ShareThis Page
New ‘Captain Marvel’ trailer: ‘I’m not gonna fight your war, I’m gonna end it’ |

New ‘Captain Marvel’ trailer: ‘I’m not gonna fight your war, I’m gonna end it’

Brie Larson stars as Captain Marvel in Marvel's latest super hero adventure.

“I’m not gonna fight your war, I’m gonna end it.”

That’s the promise from Carol Danvers, aka Captain Marvel, in the new trailer for the next installment from the Marvel Cinematic Universe.

From the looks of the trailer, “Captain Marvel” (coming to theaters on March 8) will have everything fans expect from an MCU blockbuster — and more.

Brie Larson portrays the U.S. Air Force colonel who is revealed as an intergalactic superhero in the 21st movie in the series.

It will be the first with a woman as the lead character. (True, Evangeline Lily’s Wasp got marquee billing, but the real focus was on Paul Rudd’s Ant-Man.)

Fan girls and fan boys can’t wait.

The girls especially can’t wait to see how much … booty … Captain Marvel will kick as a feminist role model with an awesome skill set and an equally awesome lion’s mane-slash-mohawk helmet.

As usual, the movie will address the main character’s origin story.

There will be cosmic conflict and the requisite struggle between good and evil.

Plenty of other MCU characters will show up.

That includes the super-cool Samuel L. Jackson returning as super-cool military strategist Nick Fury — who loses a little bit of that cool when he encounters a kitty cat.

Shirley McMarlin is a Tribune-Review staff writer. Reach her at 724-836-5750, [email protected] or via Twitter @shirley_trib.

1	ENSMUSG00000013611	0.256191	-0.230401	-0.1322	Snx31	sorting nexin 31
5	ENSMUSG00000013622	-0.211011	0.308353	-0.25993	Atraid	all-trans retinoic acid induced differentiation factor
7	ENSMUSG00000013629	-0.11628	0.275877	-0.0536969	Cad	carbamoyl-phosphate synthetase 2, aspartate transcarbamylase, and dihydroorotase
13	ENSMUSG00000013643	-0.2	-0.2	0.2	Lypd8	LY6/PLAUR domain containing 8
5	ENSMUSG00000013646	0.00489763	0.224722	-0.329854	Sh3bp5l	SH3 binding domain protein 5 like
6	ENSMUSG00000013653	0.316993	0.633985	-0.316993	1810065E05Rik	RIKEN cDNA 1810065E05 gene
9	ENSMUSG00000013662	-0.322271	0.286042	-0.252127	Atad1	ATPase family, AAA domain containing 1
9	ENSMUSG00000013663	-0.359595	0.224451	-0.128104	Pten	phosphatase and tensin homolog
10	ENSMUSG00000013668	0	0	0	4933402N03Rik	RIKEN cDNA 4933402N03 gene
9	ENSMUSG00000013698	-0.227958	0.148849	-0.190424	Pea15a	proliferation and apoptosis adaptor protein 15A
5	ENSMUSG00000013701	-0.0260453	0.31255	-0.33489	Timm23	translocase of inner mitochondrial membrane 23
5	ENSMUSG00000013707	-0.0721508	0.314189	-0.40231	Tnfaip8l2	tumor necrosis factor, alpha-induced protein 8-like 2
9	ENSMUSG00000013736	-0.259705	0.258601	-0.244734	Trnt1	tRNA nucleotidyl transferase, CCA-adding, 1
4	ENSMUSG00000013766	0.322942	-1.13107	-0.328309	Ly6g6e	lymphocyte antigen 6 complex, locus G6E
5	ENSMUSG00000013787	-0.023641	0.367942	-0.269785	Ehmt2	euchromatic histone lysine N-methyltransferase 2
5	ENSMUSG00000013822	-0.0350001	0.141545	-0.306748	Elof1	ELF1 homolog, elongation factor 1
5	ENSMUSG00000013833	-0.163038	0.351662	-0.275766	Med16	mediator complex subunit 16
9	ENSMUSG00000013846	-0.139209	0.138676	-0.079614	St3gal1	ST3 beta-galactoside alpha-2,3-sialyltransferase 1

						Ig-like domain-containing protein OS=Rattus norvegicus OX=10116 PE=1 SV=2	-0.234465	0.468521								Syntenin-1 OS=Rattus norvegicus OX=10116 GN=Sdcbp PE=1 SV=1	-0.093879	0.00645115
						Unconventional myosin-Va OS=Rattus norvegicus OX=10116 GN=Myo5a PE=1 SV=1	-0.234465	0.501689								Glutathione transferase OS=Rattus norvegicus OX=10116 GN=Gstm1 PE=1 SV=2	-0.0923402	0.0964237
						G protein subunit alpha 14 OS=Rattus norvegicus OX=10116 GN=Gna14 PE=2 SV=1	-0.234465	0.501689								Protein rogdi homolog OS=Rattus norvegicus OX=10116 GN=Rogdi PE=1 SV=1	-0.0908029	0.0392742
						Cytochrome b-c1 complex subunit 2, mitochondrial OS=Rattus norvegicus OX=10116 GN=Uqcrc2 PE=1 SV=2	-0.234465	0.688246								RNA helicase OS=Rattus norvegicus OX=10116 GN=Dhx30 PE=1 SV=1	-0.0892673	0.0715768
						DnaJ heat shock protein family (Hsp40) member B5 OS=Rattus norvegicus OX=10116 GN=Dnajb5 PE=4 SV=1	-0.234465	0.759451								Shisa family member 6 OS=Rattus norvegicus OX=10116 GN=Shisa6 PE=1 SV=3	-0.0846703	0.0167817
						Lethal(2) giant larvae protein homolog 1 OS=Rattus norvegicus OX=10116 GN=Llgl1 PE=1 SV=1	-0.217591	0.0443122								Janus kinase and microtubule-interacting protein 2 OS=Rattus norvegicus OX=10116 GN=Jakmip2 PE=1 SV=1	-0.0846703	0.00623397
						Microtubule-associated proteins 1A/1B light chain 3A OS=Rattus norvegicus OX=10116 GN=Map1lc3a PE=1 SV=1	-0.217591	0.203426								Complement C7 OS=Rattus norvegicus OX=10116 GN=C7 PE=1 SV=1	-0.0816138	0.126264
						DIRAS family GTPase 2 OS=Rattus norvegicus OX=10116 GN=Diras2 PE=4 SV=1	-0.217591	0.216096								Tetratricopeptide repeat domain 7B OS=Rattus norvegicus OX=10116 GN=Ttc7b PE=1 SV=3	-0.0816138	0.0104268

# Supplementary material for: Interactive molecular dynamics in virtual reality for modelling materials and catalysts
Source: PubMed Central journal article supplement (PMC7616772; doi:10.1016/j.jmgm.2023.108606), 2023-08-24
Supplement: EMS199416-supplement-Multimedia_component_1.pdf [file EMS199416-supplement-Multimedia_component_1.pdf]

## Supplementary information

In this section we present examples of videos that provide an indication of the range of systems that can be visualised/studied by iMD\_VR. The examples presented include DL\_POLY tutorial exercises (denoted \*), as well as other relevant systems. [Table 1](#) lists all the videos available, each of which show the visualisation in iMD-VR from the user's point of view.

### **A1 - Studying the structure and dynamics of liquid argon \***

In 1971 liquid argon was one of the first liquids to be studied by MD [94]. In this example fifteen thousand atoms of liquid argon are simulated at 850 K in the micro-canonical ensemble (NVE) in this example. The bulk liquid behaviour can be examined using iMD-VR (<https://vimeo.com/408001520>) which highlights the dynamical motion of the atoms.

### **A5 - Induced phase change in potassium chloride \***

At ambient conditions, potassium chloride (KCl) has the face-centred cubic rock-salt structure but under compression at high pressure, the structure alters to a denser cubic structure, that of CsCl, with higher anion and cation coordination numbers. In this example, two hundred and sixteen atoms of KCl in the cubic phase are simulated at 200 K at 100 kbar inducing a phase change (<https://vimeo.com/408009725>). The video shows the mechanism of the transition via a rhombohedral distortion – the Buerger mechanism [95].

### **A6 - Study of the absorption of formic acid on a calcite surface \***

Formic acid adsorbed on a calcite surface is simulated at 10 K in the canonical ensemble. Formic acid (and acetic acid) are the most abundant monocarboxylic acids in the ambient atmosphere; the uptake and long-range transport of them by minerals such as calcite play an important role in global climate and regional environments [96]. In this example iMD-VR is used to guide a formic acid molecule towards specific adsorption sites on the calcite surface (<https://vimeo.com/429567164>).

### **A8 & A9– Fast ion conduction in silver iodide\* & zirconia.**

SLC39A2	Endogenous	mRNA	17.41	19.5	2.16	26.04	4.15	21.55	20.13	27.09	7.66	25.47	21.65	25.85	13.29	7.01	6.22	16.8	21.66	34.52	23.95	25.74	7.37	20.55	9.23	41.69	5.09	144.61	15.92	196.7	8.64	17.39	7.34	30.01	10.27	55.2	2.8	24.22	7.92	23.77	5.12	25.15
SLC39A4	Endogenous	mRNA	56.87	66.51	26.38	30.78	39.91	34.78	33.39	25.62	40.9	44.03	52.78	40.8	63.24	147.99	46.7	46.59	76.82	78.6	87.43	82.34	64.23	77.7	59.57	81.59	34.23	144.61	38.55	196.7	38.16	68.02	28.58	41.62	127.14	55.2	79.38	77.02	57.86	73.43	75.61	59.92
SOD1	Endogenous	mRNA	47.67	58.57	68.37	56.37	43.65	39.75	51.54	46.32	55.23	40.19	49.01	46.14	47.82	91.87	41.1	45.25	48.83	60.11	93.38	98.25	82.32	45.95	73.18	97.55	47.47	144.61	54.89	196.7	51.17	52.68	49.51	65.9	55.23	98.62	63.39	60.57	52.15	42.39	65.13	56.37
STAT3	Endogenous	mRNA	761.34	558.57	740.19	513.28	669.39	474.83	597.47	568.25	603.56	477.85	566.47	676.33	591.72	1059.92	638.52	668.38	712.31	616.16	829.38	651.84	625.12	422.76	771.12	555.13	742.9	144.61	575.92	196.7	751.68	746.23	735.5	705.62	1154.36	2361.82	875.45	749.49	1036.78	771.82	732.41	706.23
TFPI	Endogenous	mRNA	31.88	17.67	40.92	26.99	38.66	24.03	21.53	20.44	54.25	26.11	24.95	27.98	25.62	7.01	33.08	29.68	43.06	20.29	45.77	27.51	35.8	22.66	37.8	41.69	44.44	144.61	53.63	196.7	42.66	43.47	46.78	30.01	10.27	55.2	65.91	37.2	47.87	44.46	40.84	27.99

TribLIVE commenting policy

You are solely responsible for your comments and by using you agree to our Terms of Service.

We moderate comments. Our goal is to provide substantive commentary for a general readership. By screening submissions, we provide a space where readers can share intelligent and informed commentary that enhances the quality of our news and information.

While most comments will be posted if they are on-topic and not abusive, moderating decisions are subjective. We will make them as carefully and consistently as we can. Because of the volume of reader comments, we cannot review individual moderation decisions with readers.

We value thoughtful comments representing a range of views that make their point quickly and politely. We make an effort to protect discussions from repeated comments either by the same reader or different readers

We follow the same standards for taste as the daily newspaper. A few things we won't tolerate: personal attacks, obscenity, vulgarity, profanity (including expletives and letters followed by dashes), commercial promotion, impersonations, incoherence, proselytizing and SHOUTING. Don't include URLs to Web sites.

We do not edit comments. They are either approved or deleted. We reserve the right to edit a comment that is quoted or excerpted in an article. In this case, we may fix spelling and punctuation.

We welcome strong opinions and criticism of our work, but we don't want comments to become bogged down with discussions of our policies and we will moderate accordingly.

We appreciate it when readers and people quoted in articles or blog posts point out errors of fact or emphasis and will investigate all assertions. But these suggestions should be sent via e-mail. To avoid distracting other readers, we won't publish comments that suggest a correction. Instead, corrections will be made in a blog post or in an article.